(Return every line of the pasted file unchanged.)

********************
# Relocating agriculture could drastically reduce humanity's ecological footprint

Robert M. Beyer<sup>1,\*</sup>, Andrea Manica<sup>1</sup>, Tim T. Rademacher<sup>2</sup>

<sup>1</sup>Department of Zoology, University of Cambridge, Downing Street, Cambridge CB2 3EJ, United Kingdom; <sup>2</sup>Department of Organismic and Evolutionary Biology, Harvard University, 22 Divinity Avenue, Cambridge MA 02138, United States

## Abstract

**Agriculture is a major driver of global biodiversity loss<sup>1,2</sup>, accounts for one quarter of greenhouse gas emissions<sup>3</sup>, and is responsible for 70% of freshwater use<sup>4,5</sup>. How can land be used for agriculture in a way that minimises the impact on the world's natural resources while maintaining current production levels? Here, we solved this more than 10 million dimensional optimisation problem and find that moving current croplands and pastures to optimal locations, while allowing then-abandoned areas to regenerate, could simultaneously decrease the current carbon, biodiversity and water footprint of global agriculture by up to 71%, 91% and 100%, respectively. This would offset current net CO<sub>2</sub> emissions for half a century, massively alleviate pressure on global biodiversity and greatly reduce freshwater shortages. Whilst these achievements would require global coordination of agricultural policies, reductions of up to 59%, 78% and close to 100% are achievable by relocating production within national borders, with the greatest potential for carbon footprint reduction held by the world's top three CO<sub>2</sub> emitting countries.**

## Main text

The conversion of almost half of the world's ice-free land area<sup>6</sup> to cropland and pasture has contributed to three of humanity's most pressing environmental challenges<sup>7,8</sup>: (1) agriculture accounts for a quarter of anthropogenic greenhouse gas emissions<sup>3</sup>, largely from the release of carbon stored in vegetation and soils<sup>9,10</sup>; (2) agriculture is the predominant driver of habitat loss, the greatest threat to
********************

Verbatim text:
# Relocating agriculture could drastically reduce humanity's ecological footprint

Robert M. Beyer<sup>1,\*</sup>, Andrea Manica<sup>1</sup>, Tim T. Rademacher<sup>2</sup>

<sup>1</sup>Department of Zoology, University of Cambridge, Downing Street, Cambridge CB2 3EJ, United Kingdom; <sup>2</sup>Department of Organismic and Evolutionary Biology, Harvard University, 22 Divinity Avenue, Cambridge MA 02138, United States

## Abstract

**Agriculture is a major driver of global biodiversity loss<sup>1,2</sup>, accounts for one quarter of greenhouse gas emissions<sup>3</sup>, and is responsible for 70% of freshwater use<sup>4,5</sup>. How can land be used for agriculture in a way that minimises the impact on the world's natural resources while maintaining current production levels? Here, we solved this more than 10 million dimensional optimisation problem and find that moving current croplands and pastures to optimal locations, while allowing then-abandoned areas to regenerate, could simultaneously decrease the current carbon, biodiversity and water footprint of global agriculture by up to 71%, 91% and 100%, respectively. This would offset current net CO<sub>2</sub> emissions for half a century, massively alleviate pressure on global biodiversity and greatly reduce freshwater shortages. Whilst these achievements would require global coordination of agricultural policies, reductions of up to 59%, 78% and close to 100% are achievable by relocating production within national borders, with the greatest potential for carbon footprint reduction held by the world's top three CO<sub>2</sub> emitting countries.**

## Main text

The conversion of almost half of the world's ice-free land area<sup>6</sup> to cropland and pasture has contributed to three of humanity's most pressing environmental challenges<sup>7,8</sup>: (1) agriculture accounts for a quarter of anthropogenic greenhouse gas emissions<sup>3</sup>, largely from the release of carbon stored in vegetation and soils<sup>9,10</sup>; (2) agriculture is the predominant driver of habitat loss, the greatest threat to